I’m not going to sugarcoat this: For policy experts, the next four years of the Trump administration will be a waking nightmare. This is for two reasons. The first is that Trump’s team has few if any policy wonks. The second is that this puts the average policy wonk in a no-win situation.

Let’s start with the lack of policy wonks. I would guess that the Washington Free Beacon’s Matthew Continetti and the New York Times’ Neil Irwin disagree on many issues of substance. One of the things that the appear to agree on, however, is that the incoming Trump Cabinet does not contain much in the way of relevant policy or management expertise. Here’s Continetti:

Only one of the men and women nominated by Trump has experience managing the gigantic and recalcitrant organizations that comprise the administrative state: Elaine Chao, who served as George W. Bush’s secretary of labor and is now slated to head the department of transportation under Trump. White House counsel Don McGahn knows Washington as an attorney and former chair of the FEC. And, as I write, there are two members of the administration who have experience as elected executives: Mike Pence and Nikki Haley.
But Haley has no background in diplomacy or foreign affairs, and she’s going to be ambassador to the United Nations. Senator Jeff Sessions is liked by his peers and has been a U.S. attorney and state attorney general, but he never has had as much authority as he will have next year. Neither Reince Priebus nor Stephen K. Bannon has served in government, much less the White House. General Flynn made his reputation as a hard-charging “disrupter,” K.T. McFarland’s last government job was in the Reagan administration, Betsy DeVos is a philanthropist and activist who will be new to government, Gen. Mattis is an American hero beloved by Marines but also a stranger to domestic politics, Mike Pompeo was elected to Congress six years ago, and Ben Carson is, well, Ben Carson.

As Irwin notes, this pattern is not only evident at the Cabinet level, but the subcabinet level as well:

Usually you expect an appointee in that outsider mold to then appoint a deputy who “knows the building,” or has a clear understanding of how to exercise the levers of power in the aforementioned sclerotic bureaucracy. Which paper do you need to push in which direction to get your policy enacted? What are the likely downsides of those policies, and how can they be minimized? …
The swamp that is being drained is the one inhabited by wonkish technocrats who have devoted their careers to the details of policymaking. If nothing else, the years ahead will be a fascinating experiment in how much policy expertise actually matters to effective governing.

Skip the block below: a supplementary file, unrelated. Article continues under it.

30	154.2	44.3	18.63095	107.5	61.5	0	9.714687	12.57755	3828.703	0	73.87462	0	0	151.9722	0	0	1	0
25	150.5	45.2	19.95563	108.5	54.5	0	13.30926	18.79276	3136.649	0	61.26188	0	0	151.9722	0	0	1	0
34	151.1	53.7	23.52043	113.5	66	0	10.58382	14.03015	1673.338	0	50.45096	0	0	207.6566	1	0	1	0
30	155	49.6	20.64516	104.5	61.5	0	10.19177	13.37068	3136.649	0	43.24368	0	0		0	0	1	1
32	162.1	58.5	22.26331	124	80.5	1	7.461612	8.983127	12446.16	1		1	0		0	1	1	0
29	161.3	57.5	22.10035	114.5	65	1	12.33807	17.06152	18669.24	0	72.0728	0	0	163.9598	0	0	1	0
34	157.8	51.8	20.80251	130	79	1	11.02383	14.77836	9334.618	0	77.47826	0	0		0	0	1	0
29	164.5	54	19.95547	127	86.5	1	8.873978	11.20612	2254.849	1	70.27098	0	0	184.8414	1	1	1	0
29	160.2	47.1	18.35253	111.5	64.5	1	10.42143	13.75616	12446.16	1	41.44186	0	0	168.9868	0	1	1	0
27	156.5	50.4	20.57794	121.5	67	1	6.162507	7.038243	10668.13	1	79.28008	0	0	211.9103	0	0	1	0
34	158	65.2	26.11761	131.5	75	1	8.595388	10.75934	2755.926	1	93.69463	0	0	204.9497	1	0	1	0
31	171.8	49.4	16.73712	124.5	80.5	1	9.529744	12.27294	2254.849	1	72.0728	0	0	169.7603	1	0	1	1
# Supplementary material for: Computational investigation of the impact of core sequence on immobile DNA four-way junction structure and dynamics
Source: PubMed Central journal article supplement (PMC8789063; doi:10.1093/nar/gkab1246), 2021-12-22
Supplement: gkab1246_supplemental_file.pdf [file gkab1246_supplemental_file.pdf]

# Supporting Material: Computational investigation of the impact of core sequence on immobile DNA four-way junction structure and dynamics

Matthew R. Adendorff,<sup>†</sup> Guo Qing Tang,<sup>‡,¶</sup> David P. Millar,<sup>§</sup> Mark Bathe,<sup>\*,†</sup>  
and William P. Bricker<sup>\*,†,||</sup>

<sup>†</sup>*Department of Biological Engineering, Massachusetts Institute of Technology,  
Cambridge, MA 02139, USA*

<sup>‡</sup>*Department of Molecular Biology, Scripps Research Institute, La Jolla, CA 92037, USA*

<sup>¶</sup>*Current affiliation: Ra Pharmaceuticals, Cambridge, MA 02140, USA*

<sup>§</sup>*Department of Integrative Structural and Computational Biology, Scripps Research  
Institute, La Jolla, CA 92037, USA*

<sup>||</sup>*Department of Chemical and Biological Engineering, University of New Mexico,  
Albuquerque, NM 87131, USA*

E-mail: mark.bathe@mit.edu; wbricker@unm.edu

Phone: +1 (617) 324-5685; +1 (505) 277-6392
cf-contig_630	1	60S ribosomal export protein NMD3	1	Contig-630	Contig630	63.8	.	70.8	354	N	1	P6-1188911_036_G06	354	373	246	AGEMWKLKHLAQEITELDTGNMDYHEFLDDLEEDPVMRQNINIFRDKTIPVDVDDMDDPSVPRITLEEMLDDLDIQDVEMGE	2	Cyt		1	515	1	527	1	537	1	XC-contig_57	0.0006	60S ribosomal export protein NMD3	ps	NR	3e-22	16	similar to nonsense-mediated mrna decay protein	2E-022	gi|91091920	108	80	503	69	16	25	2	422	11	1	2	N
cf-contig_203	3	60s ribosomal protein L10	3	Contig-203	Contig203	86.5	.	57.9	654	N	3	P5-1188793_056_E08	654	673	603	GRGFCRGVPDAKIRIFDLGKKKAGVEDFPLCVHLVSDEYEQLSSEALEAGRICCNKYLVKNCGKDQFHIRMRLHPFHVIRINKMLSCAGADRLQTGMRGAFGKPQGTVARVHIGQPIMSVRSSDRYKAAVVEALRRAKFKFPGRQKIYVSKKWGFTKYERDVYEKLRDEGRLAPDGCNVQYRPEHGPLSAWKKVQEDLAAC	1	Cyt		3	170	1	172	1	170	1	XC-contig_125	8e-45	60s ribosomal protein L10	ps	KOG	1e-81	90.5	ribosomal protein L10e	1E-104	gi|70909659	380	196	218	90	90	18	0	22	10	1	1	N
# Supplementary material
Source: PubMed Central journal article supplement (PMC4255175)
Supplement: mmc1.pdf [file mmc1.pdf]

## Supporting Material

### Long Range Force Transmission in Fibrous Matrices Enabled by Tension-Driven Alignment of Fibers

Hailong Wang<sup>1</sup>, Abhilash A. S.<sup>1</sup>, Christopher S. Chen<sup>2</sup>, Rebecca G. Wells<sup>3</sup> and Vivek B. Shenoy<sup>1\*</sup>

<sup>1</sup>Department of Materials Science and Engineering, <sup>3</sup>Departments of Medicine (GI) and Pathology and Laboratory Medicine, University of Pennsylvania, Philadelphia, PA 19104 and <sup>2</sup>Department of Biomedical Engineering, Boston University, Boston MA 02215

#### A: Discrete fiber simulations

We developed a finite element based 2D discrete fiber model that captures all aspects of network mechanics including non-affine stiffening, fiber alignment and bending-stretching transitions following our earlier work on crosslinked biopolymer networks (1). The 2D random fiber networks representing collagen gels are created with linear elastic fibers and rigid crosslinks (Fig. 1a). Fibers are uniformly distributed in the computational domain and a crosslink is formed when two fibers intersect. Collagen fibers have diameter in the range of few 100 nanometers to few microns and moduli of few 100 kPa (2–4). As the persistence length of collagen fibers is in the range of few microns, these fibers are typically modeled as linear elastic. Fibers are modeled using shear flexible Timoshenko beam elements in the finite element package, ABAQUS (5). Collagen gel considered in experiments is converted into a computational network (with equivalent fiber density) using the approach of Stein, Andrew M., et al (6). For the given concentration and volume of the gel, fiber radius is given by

The question going forward is what this means for, you know, how well the federal government does its job. It is possible that disrupters are exactly what the government needs, though I have serious doubts. On foreign policy, there are already signs that Trump’s actions, without any competent staff support at all, are rippling through the national security bureaucracy and the world’s capitals in ways that harm the national interest.

For technocrats, this is the darkest timeline. They are meritocrats to the core, and the emergent Trump administration is a meritocratic apocalypse. They have been trained to believe that things like expertise and experience matter in conducting the nation’s affairs. Trump hasn’t hired talentless hacks, but his hires possess little direct relevant experience or training to run the departments they’ve been hired to run. The conclusion to draw from this is that the country will be very badly run for the next four years.

This leads to an existential problem for experts. Wonks love their country and they love policy minutiae. They believe that experience and expertise are pretty important when it comes to governing. They are now trying to process an incoming administration that believes there are no such things as objective facts or words that matter.

This puts the technocrat in a very awkward situation. If their premise is that being wonkish is necessary for government to function, then they will predict awful governance for the next four years. That’s bad for intrinsic reasons.

But what if their premise is wrong? What if the Trump administration turns out to be pretty good at governing? Well, that’s worse.

All three loyal readers of Spoiler Alerts will scoff at the possibility of a competent Trump administration, but it’s worth mulling over. Trump has spent the past year and a half defying most political experts and winning the greatest natural experiment in American political history. What if he and his team prove to be better at governing than wonks expect him to be? What if it turns out that the country is already trending in a very positive direction and even the federal government can’t screw that up? Or what if disruption by inexperienced policy principals is just what the bureaucracy needs?

It would mean an Orwellian nightmare for wonks. Education is ignorance. Reading is harmful. Experience is fatally flawed. Debate is debilitating. “Superman v Batman: Dawn of Justice” is a classic.

For the next four years, wonks will have to fear for their country or fear that their entire set of career choices was mistaken. That’s the Sophie’s Choice that most policy mandarins face.